Holy Motors (2012) by Leos Carax
Synopsis via Wild Bunch:
We follow 24 hours in the life of a being (Monsieur Oscar played by Denis Lavant) moving from life to life like a cold and solitary assassin moving from hit to hit. In each of these interwoven lives, the being possesses an entirely distinct identity: sometimes a man, sometimes a woman, sometimes youthful, sometimes old to the point of dying; sometimes destitute, sometimes wealthy. By turns murderer, beggar, company chairman, monstrous creature, worker, family man…
It’s clear that Monsieur Oscar is playing roles, and plunging headfirst into each – but where are the cameras, the crew, the director? He seems horribly alone, exhausted from being chained to all these lives that are not his, from having to kill enemies that are not his enemies, having to embrace wives and children who are not his. But sometimes, conversely, we feel Monsieur Oscar is wounded by having to leave, the moment his scene is over, other beings he would have liked to leave no longer.
Where is his home, his family, his rest?
Peter Bradshaw for the Guardian:
The French film-maker Leos Carax, director of Les Amants du Pont Neuf and Pola X, has made his first feature in 13 years, and it is a bizarre surrealist odyssey whose magic ingredient is comedy. This is a gorgeous furry teacup of a film, preposterous and filled with secrets; it is itself one big secret. Holy Motors is simultaneously immersive and alienating. The audience is forever being encouraged to forget about narrative sense and slip into a warm bath of unreason, but persistently jolted back out of it with non-sequiturs, accordion interludes, gags and unexpected chimps.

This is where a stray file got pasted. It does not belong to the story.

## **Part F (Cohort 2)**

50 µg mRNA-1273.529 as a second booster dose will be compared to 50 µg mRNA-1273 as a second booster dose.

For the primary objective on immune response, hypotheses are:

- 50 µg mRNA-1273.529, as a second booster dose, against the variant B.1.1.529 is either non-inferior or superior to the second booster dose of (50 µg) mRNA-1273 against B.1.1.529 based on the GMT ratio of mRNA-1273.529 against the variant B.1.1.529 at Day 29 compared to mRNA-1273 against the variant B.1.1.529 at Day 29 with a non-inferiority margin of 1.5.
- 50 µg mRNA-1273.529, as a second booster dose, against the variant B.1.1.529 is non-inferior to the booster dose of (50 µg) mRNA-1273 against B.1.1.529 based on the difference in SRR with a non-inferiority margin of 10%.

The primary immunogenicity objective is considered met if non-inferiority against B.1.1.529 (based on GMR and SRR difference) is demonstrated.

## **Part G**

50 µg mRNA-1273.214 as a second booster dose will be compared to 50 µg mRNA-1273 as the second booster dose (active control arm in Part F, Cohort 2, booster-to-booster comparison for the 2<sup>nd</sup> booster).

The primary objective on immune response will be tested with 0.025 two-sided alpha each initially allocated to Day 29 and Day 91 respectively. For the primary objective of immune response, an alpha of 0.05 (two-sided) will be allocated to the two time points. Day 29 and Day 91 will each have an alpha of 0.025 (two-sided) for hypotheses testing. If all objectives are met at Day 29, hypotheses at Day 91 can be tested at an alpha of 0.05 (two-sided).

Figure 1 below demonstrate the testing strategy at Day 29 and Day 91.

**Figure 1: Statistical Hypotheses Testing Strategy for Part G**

Despite the fact I’m a fervent hater of Les Amants du Pont Neuf, I completely embraced Holy Motors (right from the intro sequence featuring Leos Carax himself)… One of my favourite films of 2012.
Holy Motors is surreal, beautiful and extremely sad in my opinion. Although I recognise the comedy Peter Bradshaw is referring to, I couldn’t help but interpret everything in the film as deeply tragic… Especially the chimps, Monsieur Oscar’s last and most depressing appointment.